Matthew Boyle
University of Chicago
Kant famously characterizes our human understanding as a “spontaneous” faculty, but what can this mean? I criticize some recent interpretations of Kant’s claim and suggest that we can only understand what Kant means by “the spontaneity of understanding” if we recognize certain basic differences between how Kant conceived of cognition and how philosophers commonly think of it today. I go on to argue that Kant’s conception of cognition represents an appealing alternative to the unsatisfying options that contemporary ways of thinking seem to force on us.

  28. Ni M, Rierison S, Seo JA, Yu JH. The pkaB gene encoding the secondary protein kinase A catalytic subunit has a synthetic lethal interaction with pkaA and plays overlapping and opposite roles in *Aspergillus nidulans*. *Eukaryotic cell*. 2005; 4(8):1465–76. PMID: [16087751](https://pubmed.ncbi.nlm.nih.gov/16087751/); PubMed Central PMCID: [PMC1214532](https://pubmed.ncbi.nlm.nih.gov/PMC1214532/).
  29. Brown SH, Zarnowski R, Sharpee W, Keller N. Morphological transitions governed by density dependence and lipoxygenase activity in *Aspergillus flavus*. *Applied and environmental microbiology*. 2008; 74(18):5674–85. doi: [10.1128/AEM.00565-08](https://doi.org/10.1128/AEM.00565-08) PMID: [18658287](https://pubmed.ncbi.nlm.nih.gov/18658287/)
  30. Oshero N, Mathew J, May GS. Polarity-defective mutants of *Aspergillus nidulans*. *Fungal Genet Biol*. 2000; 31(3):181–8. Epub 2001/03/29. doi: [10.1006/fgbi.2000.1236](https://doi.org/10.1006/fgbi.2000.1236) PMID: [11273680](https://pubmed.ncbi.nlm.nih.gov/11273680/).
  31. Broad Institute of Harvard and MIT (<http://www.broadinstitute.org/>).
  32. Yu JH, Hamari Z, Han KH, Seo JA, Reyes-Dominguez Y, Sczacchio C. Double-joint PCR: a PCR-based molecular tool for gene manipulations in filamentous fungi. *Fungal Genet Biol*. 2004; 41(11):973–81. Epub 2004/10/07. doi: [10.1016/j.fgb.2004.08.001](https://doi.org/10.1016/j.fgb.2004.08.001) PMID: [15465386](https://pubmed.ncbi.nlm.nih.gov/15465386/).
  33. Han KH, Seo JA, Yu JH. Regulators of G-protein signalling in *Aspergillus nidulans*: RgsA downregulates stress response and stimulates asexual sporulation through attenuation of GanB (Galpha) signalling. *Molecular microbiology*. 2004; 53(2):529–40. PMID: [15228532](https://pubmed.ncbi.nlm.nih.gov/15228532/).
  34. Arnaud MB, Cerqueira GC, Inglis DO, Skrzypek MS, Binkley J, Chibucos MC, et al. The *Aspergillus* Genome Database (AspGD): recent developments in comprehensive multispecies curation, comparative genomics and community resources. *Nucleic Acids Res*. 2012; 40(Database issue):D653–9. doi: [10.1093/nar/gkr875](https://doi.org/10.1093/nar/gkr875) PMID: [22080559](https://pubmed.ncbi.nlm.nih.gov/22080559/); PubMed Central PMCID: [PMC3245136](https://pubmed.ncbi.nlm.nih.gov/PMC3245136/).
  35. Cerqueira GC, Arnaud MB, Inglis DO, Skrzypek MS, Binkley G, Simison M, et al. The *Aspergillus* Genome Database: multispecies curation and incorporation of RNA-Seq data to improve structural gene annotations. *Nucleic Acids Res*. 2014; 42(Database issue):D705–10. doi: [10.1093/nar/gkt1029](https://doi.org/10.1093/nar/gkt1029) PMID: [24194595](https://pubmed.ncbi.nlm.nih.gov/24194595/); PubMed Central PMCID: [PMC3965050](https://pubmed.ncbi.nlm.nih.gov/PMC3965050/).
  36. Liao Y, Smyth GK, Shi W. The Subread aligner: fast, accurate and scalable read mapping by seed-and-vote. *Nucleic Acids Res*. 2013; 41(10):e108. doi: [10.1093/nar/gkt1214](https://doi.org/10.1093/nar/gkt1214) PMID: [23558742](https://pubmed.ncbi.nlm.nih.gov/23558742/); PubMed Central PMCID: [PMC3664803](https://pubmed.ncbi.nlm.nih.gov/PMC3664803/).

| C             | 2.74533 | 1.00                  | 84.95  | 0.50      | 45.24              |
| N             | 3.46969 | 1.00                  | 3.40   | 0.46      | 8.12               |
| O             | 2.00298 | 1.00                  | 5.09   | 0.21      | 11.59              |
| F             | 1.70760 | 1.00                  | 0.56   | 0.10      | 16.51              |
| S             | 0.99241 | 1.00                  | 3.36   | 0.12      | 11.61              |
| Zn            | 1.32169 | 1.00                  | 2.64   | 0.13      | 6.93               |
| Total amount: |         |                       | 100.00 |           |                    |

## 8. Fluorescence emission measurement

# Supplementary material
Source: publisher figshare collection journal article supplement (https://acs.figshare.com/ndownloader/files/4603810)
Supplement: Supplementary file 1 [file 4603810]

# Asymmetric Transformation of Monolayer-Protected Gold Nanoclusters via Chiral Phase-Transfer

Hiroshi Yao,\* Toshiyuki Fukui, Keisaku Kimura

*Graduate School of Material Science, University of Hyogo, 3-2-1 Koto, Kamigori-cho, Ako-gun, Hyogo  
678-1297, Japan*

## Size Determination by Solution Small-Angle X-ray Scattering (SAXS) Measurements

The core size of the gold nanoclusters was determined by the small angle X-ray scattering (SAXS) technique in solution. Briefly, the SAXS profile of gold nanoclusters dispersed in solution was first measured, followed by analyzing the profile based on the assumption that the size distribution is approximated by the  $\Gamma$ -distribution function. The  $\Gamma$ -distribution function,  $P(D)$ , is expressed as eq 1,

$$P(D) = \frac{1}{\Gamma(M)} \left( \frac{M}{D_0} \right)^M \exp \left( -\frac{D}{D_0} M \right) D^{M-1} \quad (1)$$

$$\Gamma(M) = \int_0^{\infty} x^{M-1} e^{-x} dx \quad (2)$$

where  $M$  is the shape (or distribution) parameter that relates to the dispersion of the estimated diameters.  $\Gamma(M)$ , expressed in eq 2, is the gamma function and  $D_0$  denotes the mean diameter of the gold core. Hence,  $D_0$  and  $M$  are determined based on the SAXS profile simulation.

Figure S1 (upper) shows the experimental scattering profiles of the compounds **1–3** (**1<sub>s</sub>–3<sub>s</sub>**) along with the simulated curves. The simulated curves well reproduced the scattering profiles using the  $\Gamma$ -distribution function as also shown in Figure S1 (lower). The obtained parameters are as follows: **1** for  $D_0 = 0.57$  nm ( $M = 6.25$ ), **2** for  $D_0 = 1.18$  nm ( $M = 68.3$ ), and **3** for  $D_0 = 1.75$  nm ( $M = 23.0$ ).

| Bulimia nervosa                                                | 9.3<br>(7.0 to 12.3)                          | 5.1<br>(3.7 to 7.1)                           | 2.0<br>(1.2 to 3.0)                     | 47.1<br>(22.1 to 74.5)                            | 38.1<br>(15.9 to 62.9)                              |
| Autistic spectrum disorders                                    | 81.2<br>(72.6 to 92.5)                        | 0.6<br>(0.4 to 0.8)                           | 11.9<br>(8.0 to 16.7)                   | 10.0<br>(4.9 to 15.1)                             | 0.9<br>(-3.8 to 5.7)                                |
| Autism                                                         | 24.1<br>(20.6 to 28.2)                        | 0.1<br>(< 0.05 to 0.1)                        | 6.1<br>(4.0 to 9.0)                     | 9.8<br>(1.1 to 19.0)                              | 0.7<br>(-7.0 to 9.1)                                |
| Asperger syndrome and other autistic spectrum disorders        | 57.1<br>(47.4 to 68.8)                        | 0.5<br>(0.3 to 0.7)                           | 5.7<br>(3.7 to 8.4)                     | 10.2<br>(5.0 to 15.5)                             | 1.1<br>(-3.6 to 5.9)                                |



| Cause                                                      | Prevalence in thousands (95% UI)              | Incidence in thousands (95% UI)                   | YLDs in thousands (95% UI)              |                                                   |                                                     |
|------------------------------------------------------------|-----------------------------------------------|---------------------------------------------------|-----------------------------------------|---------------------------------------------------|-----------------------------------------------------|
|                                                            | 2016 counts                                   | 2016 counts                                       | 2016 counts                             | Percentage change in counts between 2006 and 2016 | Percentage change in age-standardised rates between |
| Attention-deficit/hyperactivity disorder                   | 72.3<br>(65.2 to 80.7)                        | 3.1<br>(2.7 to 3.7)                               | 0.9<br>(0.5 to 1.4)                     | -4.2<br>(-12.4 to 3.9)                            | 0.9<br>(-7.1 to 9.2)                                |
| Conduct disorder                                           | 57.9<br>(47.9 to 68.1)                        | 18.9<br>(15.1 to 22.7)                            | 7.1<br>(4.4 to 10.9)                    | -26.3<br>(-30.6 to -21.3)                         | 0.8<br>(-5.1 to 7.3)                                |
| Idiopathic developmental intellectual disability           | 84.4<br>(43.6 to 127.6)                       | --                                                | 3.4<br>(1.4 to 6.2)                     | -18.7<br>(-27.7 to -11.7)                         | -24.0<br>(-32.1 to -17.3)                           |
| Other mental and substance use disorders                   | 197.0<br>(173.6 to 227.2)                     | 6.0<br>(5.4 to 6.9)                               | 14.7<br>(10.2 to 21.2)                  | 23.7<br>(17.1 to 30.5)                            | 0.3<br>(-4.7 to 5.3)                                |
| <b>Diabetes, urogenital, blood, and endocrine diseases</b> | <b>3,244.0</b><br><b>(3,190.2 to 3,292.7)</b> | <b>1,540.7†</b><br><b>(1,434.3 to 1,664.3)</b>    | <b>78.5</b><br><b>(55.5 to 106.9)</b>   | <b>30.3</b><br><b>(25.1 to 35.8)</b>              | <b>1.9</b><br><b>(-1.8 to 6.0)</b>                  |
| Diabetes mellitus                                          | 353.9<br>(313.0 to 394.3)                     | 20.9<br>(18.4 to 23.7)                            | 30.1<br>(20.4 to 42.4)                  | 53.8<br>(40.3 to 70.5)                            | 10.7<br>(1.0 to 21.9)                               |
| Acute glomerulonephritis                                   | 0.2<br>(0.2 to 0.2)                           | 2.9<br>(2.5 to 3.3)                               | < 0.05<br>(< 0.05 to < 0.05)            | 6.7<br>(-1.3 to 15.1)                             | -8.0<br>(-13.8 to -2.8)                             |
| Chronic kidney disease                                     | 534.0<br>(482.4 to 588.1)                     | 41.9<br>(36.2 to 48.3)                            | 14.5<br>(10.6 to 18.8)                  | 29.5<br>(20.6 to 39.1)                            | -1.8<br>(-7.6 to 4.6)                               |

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DOI 10.1515/dzph-2015-0050
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References found in this work BETA

Understanding and Sensibility.Stephen Engstrom - 2006 - Inquiry: An Interdisciplinary Journal of Philosophy 49 (1):2 – 25.
Sensibility and Understanding.S. Engstrorn - 2006 - Inquiry: An Interdisciplinary Journal of Philosophy 49 (1):2-25.

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Inferring as a Way of Knowing.Nicholas Koziolek - 2017 - Synthese (Suppl 7):1563-1582.
Belief as an Act of Reason.Nicholas Koziolek - 2018 - Manuscrito 41 (4):287-318.

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